How Obi-Wan Kenobi's composer created new sounds for old characters
Natalie Holt opens up on her experience working on the Star Wars spin-off, how John Williams got involved and how it compared to her work on Loki.
Thanks to the work of legendary composer John Williams, the Star Wars saga has one of the most iconic soundtracks in movie history - which must make it a little daunting for new composers coming to the franchise to follow in his footsteps.
Still, Obi-Wan Kenobi composer Natalie Holt faced even more pressure when Williams himself unexpectedly offered to contribute to the series alongside her own work, keen to finally write a theme for Ewan McGregor's Jedi Master.
"[Williams] said to Kathleen Kennedy [executive producer] that he wanted to give Ben a theme, because Obi Wan is the only heritage character that he didn't really give a theme to originally," Holt told RadioTimes.com.
"Having John scoring Obi-Wan’s theme just felt so appropriate. It had just the right balance for that character. John's got this 40-year history within the franchise, he's a genius, but he's also been scoring Star Wars from its infancy, so he is the voice of Star Wars."
Still, he's not the only one any more.
Following the conclusion of Disney Plus's latest Star Wars adventure, we sat down with Obi-Wan Kenobi series composer Holt to discuss how the show’s sound fits into the broader franchise, as well as what it was like working with Williams and director Deborah Chow while creating new music for iconic characters, such as Princess Leia and Darth Vader.
Holt, who also composed for fellow Disney Plus series Loki, discussed how her creative process differed for Star Wars and the MCU, while still striving to bring the same sort of unorthodox sounds to Obi-Wan Kenobi that she worked into the Tom Hiddleston series.
So, Natalie, were you a fan of Star Wars growing up?
Yes. I watched it with my dad when I was a kid on VHS, so I saw it many times on repeat. I had a huge crush on Luke. I think it was my first romance, you know?
How did you get into film and TV composing?
Watching ET when I was a kid was the thing that made me really notice music in a film. I don't think I realised it was there before, but hearing that music when they're riding their bikes, and then having it stuck in my head, was a big moment for me.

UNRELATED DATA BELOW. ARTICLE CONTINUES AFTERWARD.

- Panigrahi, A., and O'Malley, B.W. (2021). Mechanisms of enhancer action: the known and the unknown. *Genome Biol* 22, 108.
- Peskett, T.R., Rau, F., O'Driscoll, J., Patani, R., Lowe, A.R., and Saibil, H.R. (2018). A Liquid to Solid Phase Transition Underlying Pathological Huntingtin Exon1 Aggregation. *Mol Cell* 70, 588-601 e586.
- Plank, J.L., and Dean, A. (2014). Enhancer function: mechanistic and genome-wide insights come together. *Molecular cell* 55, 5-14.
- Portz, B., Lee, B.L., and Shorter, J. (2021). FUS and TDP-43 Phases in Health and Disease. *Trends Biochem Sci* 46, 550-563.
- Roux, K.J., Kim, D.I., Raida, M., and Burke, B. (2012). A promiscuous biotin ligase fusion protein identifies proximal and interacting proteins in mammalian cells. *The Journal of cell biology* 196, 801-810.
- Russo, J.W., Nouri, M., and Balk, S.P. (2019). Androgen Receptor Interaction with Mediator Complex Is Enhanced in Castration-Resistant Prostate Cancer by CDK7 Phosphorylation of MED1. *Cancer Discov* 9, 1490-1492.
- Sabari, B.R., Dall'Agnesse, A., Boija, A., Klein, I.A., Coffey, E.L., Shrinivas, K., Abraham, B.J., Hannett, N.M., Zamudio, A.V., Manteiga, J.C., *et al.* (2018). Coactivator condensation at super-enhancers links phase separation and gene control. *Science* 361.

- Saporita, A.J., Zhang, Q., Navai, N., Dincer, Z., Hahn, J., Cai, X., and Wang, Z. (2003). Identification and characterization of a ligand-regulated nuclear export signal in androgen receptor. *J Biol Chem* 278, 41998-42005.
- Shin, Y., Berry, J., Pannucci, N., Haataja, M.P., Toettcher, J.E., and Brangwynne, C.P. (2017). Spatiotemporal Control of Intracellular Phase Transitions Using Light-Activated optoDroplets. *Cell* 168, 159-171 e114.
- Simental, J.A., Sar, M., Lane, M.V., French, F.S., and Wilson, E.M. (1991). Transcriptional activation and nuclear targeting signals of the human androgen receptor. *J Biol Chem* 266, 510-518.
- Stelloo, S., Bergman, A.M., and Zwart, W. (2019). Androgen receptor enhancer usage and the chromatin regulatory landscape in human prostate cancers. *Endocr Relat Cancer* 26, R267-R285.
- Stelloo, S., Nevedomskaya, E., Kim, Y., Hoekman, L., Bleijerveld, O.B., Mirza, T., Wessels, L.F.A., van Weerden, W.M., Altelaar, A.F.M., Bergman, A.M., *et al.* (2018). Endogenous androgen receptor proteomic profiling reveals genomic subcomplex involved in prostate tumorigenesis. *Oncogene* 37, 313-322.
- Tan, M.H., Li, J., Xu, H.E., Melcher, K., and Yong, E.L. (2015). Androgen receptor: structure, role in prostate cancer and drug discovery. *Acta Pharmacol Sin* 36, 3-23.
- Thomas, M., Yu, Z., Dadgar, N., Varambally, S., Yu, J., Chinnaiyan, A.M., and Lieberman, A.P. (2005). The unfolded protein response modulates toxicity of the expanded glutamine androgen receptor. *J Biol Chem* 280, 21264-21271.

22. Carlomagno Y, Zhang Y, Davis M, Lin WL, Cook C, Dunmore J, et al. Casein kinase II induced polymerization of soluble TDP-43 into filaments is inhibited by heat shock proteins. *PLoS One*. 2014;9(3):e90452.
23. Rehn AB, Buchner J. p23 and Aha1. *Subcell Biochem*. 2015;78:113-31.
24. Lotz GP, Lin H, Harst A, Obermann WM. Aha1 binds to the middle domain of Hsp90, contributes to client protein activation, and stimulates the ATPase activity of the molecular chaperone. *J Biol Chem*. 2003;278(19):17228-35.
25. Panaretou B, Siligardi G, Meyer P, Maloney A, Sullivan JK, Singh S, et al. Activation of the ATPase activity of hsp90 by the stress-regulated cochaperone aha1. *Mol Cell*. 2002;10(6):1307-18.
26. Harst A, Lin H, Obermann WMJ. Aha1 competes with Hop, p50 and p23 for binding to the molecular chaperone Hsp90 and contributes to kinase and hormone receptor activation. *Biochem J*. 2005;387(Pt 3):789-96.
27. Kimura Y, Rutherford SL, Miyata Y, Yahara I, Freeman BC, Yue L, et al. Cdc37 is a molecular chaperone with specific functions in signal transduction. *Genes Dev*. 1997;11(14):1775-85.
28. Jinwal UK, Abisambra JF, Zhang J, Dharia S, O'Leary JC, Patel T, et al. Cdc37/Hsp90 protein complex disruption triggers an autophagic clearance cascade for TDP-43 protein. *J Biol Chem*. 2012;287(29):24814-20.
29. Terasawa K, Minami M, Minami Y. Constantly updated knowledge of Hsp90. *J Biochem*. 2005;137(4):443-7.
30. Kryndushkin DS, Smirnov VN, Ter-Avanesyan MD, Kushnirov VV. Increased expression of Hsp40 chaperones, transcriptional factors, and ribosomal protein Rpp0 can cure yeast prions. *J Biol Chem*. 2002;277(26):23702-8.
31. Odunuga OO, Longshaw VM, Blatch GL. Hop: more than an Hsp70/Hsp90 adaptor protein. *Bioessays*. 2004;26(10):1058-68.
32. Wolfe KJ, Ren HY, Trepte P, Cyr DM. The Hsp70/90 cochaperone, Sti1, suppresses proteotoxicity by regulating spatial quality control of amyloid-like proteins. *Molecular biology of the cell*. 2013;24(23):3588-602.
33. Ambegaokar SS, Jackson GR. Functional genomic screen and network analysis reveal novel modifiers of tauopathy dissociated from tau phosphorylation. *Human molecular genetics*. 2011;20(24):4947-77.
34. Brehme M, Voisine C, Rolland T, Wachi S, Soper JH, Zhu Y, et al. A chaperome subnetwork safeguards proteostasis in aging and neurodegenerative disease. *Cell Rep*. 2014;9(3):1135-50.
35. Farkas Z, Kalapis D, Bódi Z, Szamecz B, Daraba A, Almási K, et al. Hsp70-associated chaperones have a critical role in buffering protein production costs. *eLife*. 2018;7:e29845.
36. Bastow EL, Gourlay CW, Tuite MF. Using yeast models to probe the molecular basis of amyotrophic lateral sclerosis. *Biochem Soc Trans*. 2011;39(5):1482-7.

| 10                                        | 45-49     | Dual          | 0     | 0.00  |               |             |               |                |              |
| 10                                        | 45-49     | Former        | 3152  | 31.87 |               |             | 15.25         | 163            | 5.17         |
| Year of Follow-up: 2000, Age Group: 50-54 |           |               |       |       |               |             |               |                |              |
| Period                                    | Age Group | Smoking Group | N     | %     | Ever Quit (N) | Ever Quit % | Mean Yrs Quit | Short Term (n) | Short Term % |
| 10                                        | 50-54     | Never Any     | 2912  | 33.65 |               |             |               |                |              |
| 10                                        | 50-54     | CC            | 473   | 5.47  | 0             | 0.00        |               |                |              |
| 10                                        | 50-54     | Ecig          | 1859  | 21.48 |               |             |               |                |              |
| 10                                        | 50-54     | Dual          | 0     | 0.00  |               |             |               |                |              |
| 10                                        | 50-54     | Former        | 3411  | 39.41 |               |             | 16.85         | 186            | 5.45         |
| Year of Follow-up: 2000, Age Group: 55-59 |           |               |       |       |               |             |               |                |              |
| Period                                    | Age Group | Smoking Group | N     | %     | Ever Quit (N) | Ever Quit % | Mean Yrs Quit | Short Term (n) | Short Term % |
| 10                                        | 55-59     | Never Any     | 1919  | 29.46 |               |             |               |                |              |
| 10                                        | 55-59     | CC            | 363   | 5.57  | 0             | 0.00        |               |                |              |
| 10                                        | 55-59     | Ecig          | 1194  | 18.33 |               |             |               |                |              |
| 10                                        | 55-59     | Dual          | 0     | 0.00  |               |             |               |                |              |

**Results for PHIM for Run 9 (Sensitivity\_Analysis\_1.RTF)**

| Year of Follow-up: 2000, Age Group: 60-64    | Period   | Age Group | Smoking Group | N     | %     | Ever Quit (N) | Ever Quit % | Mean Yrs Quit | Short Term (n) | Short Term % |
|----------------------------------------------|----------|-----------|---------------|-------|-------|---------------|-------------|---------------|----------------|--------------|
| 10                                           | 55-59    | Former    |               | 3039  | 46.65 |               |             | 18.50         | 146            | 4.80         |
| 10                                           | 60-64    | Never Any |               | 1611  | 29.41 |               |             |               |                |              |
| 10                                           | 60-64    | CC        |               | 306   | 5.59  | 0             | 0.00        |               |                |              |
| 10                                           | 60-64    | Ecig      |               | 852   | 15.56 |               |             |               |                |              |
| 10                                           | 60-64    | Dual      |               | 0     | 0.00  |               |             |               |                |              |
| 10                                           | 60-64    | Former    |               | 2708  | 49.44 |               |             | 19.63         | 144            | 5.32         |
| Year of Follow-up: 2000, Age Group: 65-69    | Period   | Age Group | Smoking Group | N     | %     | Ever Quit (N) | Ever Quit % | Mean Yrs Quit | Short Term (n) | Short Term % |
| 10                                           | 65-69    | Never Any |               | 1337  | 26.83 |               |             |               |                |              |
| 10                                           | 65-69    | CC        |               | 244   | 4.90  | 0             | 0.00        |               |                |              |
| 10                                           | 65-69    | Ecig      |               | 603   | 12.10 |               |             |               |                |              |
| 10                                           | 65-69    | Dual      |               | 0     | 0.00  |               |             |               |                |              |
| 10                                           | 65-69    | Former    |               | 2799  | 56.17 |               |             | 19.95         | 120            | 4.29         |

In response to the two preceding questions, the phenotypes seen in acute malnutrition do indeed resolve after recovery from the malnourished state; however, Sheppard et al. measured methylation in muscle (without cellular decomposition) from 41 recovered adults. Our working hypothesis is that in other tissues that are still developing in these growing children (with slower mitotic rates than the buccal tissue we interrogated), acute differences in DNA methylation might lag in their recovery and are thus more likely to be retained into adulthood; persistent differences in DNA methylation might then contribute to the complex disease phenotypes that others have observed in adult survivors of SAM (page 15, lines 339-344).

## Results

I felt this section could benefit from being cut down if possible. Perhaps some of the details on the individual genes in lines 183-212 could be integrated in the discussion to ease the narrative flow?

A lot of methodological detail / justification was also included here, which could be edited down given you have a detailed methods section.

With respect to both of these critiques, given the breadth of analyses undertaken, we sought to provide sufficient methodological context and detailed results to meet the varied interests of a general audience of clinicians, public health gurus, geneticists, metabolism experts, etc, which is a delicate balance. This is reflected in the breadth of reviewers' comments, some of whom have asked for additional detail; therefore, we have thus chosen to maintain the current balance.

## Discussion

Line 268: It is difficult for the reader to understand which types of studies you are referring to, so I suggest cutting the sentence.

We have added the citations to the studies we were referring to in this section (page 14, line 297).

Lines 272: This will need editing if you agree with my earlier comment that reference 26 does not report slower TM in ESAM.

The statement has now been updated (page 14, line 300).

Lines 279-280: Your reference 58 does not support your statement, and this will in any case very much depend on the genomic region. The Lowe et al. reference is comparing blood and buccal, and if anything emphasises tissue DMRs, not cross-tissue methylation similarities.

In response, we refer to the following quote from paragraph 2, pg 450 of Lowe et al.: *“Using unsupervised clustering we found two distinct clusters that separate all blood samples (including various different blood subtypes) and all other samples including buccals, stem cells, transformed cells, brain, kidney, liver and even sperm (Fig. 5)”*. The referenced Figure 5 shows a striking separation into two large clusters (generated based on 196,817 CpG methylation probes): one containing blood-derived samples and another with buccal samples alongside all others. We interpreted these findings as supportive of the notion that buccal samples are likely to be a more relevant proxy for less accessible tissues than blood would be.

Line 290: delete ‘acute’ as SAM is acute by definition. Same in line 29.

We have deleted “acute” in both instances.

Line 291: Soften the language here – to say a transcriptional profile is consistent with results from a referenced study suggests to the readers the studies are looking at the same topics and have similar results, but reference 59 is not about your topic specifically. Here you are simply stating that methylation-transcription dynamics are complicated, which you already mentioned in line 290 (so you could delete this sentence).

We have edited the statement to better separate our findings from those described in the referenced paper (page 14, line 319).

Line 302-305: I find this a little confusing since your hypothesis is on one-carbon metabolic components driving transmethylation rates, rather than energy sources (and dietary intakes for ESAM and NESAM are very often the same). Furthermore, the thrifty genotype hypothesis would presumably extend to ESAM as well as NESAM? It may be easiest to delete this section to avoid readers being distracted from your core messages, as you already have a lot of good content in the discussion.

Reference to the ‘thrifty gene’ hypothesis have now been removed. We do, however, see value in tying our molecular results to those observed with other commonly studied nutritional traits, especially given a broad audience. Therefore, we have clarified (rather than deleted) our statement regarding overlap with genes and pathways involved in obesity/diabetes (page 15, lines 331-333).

John Williams was a huge influence, too. When I met him, I said, "You're the reason I started composing." He was like "Oh, sorry about that."
How was actually working with him?
Getting to work with him was surreal. We weren't sure if he was going to give us permission to use his themes at first. Then he watched [Obi-Wan Kenobi], heard some of my music that I'd already recorded, and allowed us to use it.
John said to Kathleen Kennedy that he wanted to give Ben a theme, because Obi Wan is the only heritage character that John didn't really give a theme to originally. [Obi-Wan] used the Force theme in A New Hope but he sort of died relatively early on, and I don't think John realised then that he was actually such an important character. John came on board with our project after a month.
How did you find scoring some of the most iconic characters in the Star Wars franchise?
We were very clear that Darth Vader isn't the Vader of Episode IV yet. He's still half Anakin. You've got the moment when his mask cracks and he says to Ben, "You didn't kill Anakin Skywalker, I did." Then you realise he's finally gone and he's full Vader. That’s when you hear the Imperial March.
Everyone said we shouldn't hear it until then, because otherwise we'll lose the power of that moment. They wanted something visceral, angry and just full of rage [for the earlier scenes]. So I used the rhythm from the Imperial March underneath, but over the top there's a hunting horn and double bass, and it really goes dark.
For example, when Vader is walking down the street in episode three, we've never seen him be that evil. I feel privileged that I got to score such an evil, iconic moment where we're seeing this legacy character find full power.
Are there any other characters who stand out?
With Leia, everyone wanted something driving, rhythmic and innocent. When she went up the tree, it was an opportunity to give her a childhood theme, something that was light and joyous.
But this series is leading to her becoming the Princess Leia that we all know in A New Hope. And in episode six she puts Tyla’s holster on and we realise that she's changed, and then she's earned her more developed, mature Leia theme which we hear at the end of the finale.